As a young child, I had the experience of hearing the poem “Casey at the Bat” read to me. It is a fond memory of my childhood, sitting in my grandfather’s lap and hearing this bear of a man recite the verses, being careful of the cadence to execute the rhymes, while my precocious brain eagerly worked to make sense of the words on the page. This was the same grandfather who told stories of how good Honus Wagner was, and how big he played … as if his arms, if fully extended, could reach all the way from second base to third.
Anyway, the classic poem by Ernest Lawrence Thayer, in case you haven’t heard or read it, tells the story of the home town hero named Casey. Much to the chagrin of the 5,000 fans, he ends up (SPOILER ALERT ☺) striking out with 2 men on and 2 men out in the bottom of the 9th inning, allowing his team to lose by two runs. The last line is perhaps the most famous:
“But there is no joy in Mudville – mighty Casey has struck out.”
I recently discovered, while looking for something else, another poem by Grantland Rice called “Casey’s Revenge.” It was inspired by the original and is maybe the first summer sequel. Grantland Rice was famous for a few other things, among them this quote :
“For when the One Great Scorer comes
To write against your name,
He marks not that you won or lost-
But how you played the game.
The poem “Casey’s Revenge” made me think of our own home team and their wild ride into the playoffs last season. They, and their faithful fans, had endured a full 20 years of striking out. After all that time, they finally hit the ball – when it counted.
Here it is:
Casey’s Revenge — By Grantland Rice
There were saddened hearts in Mudville for a week or even more;
There were muttered oaths and curses—every fan in town was sore.
“Just think,” said one, “how soft it looked with Casey at the bat,
And then to think he’d go and spring a bush league trick like that!”
All his past fame was forgotten—he was now a hopeless “shine.”
They called him “Strike-Out Casey,” from the mayor down the line;
And as he came to bat each day his bosom heaved a sigh,
While a look of hopeless fury shone in mighty Casey’s eye.
He pondered in the days gone by that he had been their king,
That when he strolled up to the plate they made the welkin ring;
But now his nerve had vanished, for when he heard them hoot
He “fanned” or “popped out” daily, like some minor league recruit.
He soon began to sulk and loaf, his batting eye went lame;
No home runs on the score card now were chalked against his name;
The fans without exception gave the manager no peace,
For one and all kept clamoring for Casey’s quick release.
The Mudville squad began to slump, the team was in the air;
Their playing went from bad to worse—nobody seemed to care.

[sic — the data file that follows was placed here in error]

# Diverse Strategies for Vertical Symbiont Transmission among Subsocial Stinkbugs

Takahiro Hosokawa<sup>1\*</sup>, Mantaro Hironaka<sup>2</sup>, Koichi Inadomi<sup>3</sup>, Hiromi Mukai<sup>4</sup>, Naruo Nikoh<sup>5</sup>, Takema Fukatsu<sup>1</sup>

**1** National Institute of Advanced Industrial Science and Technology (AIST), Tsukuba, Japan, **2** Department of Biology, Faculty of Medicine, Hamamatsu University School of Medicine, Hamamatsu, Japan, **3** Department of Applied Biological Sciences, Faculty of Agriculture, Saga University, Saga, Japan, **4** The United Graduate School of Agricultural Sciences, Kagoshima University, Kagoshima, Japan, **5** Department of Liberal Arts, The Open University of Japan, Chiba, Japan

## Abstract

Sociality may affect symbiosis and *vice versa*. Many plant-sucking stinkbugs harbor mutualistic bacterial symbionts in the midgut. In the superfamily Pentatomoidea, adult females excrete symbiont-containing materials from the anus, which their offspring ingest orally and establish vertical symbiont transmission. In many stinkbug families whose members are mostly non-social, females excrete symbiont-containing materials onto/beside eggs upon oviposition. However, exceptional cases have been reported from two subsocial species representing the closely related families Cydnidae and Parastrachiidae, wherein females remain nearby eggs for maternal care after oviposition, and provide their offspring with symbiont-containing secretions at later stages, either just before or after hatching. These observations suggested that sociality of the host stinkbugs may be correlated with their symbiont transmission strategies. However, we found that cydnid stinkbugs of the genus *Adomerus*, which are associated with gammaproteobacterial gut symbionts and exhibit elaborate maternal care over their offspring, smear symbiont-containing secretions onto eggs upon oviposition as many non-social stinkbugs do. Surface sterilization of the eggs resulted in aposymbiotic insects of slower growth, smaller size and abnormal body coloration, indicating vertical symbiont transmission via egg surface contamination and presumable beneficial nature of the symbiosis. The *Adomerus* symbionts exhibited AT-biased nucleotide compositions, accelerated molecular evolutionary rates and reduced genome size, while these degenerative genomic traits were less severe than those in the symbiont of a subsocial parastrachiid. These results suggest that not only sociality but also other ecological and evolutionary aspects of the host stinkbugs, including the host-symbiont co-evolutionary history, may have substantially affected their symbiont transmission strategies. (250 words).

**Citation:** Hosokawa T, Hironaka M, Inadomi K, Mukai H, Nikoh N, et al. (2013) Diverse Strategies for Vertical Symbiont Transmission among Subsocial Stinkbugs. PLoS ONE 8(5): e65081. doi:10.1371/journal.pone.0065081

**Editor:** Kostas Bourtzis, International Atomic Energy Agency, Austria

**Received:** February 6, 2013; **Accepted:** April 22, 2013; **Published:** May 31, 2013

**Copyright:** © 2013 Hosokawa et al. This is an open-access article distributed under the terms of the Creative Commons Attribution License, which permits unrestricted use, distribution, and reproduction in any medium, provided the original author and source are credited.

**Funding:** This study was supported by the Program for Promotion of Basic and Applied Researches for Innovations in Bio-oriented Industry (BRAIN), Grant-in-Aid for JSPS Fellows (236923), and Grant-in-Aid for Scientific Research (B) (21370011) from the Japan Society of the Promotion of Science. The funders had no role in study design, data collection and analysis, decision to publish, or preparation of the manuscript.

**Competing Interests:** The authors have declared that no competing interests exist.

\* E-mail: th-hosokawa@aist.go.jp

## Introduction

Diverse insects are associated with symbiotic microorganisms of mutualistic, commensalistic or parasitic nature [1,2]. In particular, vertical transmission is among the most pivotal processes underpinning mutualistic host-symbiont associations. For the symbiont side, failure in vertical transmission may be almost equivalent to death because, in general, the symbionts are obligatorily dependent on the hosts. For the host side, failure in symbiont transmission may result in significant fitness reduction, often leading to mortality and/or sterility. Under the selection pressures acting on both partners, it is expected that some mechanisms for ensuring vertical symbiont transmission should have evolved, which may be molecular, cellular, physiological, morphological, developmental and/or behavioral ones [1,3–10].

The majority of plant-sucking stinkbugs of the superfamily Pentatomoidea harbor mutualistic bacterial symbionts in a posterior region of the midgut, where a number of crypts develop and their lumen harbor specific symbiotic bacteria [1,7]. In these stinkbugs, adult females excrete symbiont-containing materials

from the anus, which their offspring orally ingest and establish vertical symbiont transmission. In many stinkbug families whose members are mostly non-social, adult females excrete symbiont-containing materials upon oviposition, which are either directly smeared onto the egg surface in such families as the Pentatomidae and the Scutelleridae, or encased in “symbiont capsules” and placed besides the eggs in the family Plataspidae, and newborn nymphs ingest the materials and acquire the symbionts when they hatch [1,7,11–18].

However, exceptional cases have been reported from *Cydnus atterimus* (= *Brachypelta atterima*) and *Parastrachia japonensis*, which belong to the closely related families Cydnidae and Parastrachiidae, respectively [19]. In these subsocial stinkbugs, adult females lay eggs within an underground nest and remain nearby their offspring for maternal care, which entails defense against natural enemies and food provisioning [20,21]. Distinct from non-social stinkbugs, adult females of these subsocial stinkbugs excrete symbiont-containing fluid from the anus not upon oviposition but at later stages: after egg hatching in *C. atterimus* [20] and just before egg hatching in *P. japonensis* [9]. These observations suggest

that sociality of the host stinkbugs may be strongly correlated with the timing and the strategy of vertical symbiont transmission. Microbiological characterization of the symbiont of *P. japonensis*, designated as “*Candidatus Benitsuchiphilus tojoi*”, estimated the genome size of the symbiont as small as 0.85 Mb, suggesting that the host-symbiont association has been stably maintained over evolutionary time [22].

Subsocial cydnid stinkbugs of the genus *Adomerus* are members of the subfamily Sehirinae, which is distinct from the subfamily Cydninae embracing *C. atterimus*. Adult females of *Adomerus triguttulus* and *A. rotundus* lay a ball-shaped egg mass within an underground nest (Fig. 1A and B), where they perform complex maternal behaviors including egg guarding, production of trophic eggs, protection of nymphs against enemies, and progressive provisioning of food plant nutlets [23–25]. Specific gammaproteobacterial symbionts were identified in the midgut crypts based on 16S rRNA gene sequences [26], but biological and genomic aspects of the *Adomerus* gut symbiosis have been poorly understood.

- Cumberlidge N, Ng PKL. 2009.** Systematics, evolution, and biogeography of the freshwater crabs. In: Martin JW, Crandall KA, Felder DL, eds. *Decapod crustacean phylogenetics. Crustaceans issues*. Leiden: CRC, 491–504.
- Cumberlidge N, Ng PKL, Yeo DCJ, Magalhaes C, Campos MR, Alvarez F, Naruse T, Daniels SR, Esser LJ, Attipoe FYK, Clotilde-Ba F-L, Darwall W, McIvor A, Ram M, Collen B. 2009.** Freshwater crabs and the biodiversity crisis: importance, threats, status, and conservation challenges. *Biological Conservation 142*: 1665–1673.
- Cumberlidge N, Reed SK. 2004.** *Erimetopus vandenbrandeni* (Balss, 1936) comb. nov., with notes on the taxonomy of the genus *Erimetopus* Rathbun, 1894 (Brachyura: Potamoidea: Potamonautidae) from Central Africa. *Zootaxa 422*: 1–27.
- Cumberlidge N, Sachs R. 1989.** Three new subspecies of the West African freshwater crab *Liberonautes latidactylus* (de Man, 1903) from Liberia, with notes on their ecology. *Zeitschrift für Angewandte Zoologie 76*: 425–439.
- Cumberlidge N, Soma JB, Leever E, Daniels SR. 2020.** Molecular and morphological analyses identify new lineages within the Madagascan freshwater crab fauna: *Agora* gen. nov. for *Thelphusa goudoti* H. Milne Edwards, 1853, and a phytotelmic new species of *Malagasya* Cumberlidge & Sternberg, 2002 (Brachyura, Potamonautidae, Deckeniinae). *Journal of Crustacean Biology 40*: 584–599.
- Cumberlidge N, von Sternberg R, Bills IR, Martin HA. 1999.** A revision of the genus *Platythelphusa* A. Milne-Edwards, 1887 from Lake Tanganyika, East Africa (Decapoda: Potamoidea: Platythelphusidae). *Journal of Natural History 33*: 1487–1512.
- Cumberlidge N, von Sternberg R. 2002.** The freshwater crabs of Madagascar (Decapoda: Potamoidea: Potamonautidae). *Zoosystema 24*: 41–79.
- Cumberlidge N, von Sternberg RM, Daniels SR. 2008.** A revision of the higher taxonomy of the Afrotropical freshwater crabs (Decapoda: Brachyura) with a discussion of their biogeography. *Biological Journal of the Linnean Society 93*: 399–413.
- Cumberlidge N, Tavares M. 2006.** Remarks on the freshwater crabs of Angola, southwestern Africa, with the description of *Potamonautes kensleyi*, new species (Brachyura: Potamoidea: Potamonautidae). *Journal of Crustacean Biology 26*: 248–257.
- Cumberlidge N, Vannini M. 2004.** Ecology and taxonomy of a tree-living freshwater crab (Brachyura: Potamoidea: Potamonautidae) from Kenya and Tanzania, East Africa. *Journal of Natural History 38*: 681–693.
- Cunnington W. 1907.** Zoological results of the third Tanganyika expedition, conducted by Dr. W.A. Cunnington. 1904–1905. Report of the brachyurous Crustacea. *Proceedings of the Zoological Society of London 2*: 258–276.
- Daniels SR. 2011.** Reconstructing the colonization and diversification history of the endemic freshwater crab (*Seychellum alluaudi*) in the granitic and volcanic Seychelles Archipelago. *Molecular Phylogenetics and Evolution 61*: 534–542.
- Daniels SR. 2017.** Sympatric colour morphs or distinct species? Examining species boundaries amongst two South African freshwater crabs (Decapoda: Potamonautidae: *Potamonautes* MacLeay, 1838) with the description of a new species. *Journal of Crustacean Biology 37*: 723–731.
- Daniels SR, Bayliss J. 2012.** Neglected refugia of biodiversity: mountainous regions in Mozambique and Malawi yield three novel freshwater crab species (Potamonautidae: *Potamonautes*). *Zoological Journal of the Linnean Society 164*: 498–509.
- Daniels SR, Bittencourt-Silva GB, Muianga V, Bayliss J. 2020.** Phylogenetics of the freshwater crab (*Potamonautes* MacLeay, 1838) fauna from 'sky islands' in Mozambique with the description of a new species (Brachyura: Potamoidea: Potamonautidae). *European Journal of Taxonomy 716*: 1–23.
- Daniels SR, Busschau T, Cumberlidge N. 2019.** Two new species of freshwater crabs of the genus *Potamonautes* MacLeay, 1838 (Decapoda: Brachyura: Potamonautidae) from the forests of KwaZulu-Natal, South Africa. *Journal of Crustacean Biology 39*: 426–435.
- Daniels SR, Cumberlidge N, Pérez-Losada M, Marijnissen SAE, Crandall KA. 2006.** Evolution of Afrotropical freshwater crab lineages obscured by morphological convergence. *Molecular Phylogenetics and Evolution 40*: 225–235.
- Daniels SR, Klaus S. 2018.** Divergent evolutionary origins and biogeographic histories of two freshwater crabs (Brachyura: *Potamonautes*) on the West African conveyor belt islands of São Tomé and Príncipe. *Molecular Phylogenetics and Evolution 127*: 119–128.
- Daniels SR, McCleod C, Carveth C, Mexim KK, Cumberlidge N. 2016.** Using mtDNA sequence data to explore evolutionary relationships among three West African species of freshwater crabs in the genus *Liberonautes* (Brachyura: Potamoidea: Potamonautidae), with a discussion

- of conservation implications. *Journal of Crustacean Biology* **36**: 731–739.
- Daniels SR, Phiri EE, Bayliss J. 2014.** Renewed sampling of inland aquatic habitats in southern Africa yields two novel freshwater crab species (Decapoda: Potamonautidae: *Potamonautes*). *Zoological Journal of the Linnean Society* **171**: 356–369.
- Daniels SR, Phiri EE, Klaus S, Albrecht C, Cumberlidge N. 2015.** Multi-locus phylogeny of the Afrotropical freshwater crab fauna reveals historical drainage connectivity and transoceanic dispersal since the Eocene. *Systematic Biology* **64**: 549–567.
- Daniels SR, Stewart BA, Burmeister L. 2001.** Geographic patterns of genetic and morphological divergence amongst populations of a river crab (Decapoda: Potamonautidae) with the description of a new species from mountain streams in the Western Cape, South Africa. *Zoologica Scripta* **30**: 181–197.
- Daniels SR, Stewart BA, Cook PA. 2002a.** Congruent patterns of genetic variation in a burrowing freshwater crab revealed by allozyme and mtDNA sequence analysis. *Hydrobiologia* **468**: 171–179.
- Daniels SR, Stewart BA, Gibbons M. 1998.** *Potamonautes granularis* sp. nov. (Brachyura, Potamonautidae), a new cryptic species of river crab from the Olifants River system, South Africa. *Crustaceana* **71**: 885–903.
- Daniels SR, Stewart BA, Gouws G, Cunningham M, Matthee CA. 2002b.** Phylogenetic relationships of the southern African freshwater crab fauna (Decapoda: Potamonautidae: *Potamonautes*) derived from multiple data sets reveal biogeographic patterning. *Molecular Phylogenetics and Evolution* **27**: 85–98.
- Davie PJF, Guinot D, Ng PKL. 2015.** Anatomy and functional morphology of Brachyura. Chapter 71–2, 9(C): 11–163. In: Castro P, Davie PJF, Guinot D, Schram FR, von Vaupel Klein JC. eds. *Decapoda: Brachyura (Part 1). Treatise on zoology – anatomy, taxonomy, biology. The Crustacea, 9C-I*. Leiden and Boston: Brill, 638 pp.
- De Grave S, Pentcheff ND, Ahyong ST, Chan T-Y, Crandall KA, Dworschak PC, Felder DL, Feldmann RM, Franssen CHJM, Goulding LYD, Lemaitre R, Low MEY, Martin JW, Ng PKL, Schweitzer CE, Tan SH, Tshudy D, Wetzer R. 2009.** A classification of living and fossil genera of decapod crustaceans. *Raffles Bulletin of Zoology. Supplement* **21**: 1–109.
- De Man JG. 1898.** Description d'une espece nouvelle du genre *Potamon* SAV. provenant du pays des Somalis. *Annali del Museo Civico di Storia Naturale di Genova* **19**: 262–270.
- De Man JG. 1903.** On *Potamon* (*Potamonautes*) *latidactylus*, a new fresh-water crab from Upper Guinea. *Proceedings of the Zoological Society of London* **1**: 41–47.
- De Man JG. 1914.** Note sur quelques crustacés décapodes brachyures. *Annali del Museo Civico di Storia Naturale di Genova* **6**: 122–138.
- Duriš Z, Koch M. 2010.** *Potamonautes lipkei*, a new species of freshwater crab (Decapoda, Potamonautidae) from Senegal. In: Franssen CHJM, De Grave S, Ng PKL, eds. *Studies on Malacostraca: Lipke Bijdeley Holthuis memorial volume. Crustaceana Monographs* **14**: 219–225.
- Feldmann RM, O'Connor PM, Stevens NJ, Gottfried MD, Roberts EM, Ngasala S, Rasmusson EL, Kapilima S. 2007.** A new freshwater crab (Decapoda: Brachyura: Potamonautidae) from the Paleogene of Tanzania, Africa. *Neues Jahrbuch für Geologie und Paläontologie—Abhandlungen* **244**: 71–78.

“Back to the woods with Casey!” was the cry from Rooters’ Row.
“Get some one who can hit the ball, and let that big dub go!”
The lane is long, some one has said, that never turns again,
And Fate, though fickle, often gives another chance to men;
And Casey smiled; his rugged face no longer wore a frown—
The pitcher who had started all the trouble came to town.
All Mudville had assembled—ten thousand fans had come
To see the twirler who had put big Casey on the bum;
And when he stepped into the box, the multitude went wild;
He doffed his cap in proud disdain, but Casey only smiled.
“Play ball!” the umpire’s voice rang out, and then the game began.
But in that throng of thousands there was not a single fan
Who thought that Mudville had a chance, and with the setting sun
Their hopes sank low—the rival team was leading “four to one.”
The last half of the ninth came round, with no change in the score;
But when the first man up hit safe, the crowd began to roar;
The din increased, the echo of ten thousand shouts was heard
When the pitcher hit the second and gave “four balls” to the third.
Three men on base —nobody out —three runs to tie the game!
A triple meant the highest niche in Mudville’s hall of fame;
But here the rally ended and the gloom was deep as night,
When the fourth one “fouled to catcher” and the fifth “flew out to right.”
A dismal groan in chorus came; a scowl was on each face
When Casey walked up, bat in hand, and slowly took his place;
His bloodshot eyes in fury gleamed, his teeth were clenched in hate;
He gave his cap a vicious hook and pounded on the plate.
But fame is fleeting as the wind and glory fades away;
There were no wild and woolly cheers, no glad acclaim this day;
They hissed and groaned and hooted as they clamored: “Strike him out!”
But Casey gave no outward sign that he had heard this shout.
The pitcher smiled and cut one loose —across the plate it sped;
Another hiss, another groan. “Strike one!” the umpire said.
Zip! Like a shot the second curve broke just below the knee.
“Strike two!” the umpire roared aloud; but Casey made no plea.
No roasting for the umpire now —his was an easy lot;
But here the pitcher whirled again—was that a rifle shot?
A whack, a crack, and out through the space the leather pellet flew,
A blot against the distant sky, a speck against the blue.
Above the fence in center field in rapid whirling flight
The sphere sailed on —the blot grew dim and then was lost to sight.
Ten thousand hats were thrown in air, ten thousand threw a fit,
But no one ever found the ball that mighty Casey hit.
O, somewhere in this favored land dark clouds may hide the sun,
And somewhere bands no longer play and children have no fun!
And somewhere over blighted lives there hangs a heavy pall,
But Mudville hearts are happy now, for Casey hit the ball.
So, here’s to Misters Walker, McCutchen, Alvarez, Harrison, Martin, Marte, Mercer, Davis, Snider, Sanchez, and Polanco, et al.
May they represent our Mudville well… and hit the ball like Grantland Rice’s Casey did.
(Read more from Dr. Donnelly here.)